The Jersey City Council decided that Exchange Place will be the permanent location of the Katyń Memorial.
The council of New York City has unanimously accepted a resolution declaring November 11 as Polish Independence Day in their city.see more
Recently, a local news website NJ.com reported that the mayor of Jersey City, Steven Fulop, wanted to cancel the decision of the City Council from June 13, moving the monument to York Street, 60 meters from the current location.
Some members of the Polish community did not agree with the decision to move the monument and started a petition, demanding the monument to be left where it currently stands and expressing strong disagreement with the decision to move it from Exchange Place. The result was a referendum scheduled for December 11.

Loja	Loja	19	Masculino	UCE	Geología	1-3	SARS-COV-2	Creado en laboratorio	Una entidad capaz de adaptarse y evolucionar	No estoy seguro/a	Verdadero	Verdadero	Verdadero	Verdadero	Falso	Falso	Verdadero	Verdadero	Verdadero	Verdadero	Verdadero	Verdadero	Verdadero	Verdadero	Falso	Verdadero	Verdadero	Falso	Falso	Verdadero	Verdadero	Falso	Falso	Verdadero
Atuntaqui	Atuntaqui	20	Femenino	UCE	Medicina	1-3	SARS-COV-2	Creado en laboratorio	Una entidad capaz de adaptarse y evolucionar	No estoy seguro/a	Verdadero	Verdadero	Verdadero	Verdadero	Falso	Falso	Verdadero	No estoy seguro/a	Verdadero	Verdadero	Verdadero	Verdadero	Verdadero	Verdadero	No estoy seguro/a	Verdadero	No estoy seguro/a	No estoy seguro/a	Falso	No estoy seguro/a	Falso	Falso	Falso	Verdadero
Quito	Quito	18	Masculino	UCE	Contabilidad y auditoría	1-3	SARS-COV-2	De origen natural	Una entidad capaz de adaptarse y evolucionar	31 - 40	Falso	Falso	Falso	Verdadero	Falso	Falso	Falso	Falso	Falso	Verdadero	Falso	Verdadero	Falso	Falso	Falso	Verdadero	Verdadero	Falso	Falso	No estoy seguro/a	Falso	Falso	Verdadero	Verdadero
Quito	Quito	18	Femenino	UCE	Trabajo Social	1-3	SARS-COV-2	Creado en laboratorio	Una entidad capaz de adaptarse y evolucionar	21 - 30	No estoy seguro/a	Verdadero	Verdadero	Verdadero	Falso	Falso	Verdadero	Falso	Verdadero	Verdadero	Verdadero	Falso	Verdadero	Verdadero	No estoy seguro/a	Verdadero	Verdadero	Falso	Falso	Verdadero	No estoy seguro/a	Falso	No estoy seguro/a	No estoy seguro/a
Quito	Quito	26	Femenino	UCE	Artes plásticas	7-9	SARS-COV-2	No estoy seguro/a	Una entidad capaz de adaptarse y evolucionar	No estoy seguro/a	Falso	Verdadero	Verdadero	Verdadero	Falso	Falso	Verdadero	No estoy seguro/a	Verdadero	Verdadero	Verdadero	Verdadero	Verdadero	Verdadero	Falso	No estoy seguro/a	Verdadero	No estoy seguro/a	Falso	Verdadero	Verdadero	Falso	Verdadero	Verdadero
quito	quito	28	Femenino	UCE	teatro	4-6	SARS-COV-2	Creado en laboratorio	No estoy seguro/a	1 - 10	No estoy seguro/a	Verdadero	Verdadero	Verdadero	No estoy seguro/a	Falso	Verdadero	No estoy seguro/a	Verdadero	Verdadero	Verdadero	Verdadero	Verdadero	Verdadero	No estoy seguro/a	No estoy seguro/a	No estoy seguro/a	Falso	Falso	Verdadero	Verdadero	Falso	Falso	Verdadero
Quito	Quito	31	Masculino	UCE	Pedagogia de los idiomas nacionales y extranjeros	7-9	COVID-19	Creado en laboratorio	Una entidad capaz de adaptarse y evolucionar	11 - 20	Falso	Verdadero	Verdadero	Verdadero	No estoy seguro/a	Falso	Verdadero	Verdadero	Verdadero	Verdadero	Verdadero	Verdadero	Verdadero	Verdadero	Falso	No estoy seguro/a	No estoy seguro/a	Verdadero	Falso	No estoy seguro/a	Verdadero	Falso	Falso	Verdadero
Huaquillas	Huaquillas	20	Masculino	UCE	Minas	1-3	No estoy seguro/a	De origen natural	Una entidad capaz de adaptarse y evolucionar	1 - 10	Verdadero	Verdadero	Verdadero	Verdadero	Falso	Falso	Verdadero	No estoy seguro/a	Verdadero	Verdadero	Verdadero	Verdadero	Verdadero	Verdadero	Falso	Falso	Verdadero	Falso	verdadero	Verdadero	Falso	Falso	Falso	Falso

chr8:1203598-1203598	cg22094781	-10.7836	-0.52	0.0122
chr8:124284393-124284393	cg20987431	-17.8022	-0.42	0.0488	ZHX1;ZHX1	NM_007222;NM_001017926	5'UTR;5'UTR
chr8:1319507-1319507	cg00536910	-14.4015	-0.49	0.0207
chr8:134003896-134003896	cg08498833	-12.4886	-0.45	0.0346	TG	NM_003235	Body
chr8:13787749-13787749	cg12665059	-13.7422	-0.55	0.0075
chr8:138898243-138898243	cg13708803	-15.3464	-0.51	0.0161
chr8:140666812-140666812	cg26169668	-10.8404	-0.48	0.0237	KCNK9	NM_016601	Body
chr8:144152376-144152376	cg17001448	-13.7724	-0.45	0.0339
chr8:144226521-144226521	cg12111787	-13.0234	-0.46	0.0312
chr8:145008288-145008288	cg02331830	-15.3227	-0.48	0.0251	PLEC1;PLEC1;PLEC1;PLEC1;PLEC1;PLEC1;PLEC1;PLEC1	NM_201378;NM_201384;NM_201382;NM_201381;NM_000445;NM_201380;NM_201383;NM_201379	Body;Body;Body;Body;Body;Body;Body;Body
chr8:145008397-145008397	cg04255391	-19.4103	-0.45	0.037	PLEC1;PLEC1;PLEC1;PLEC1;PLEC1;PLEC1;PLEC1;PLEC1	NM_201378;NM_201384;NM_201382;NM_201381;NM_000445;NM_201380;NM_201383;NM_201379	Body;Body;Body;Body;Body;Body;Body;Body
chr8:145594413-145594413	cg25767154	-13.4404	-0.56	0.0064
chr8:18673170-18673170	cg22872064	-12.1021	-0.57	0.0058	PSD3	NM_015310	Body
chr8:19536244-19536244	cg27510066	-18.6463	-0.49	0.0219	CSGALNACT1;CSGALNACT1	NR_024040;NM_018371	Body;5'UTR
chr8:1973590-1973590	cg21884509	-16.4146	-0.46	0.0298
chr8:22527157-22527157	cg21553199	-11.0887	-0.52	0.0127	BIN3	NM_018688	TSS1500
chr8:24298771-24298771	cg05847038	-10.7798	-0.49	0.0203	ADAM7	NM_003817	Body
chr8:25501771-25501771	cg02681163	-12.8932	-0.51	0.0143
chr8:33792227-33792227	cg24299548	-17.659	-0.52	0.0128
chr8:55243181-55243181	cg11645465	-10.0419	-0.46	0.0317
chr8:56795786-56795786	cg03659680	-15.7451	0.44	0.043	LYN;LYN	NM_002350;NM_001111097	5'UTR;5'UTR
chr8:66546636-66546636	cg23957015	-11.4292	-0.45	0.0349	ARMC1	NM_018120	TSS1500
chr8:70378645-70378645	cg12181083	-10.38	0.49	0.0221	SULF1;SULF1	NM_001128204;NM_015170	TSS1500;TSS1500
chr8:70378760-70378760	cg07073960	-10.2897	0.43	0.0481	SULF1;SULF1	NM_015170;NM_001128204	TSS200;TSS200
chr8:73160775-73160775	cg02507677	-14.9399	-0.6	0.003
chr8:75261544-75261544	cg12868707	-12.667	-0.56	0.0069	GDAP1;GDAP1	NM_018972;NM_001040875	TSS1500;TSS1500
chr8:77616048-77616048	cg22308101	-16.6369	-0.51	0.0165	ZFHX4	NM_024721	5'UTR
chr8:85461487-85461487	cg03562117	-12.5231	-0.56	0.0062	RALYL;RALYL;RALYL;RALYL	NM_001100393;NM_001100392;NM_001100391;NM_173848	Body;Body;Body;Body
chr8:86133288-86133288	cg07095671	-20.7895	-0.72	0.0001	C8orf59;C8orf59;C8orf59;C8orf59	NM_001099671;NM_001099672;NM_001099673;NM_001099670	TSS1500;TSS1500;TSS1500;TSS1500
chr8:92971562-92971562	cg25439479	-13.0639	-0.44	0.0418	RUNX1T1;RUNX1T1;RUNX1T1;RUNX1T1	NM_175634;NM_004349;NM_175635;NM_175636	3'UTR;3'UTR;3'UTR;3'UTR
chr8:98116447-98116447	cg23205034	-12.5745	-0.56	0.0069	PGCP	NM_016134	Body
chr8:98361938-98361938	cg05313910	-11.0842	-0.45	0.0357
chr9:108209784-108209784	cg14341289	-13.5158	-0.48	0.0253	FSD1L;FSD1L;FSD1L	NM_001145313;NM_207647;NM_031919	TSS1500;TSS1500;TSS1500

On Wednesday, councilman Daniel Rivera proposed an amendment which would confirm the current location of the Katyń Memorial as the permanent one. The council accepted this motion with a vote of six to two in favour.
“It means that the monument will never be moved and will remain there forever,” Mr Rivera told the Polish Press Agency.
The councillor Jermaine D. Robinson apologised Polish-American community for the quarrel surrounding the monument.
The decision means that the Katyń Memorial remaining in its current location is one step closer to becoming a reality, however, the motion has still to be confirmed with a second and final vote, which will take place in two weeks.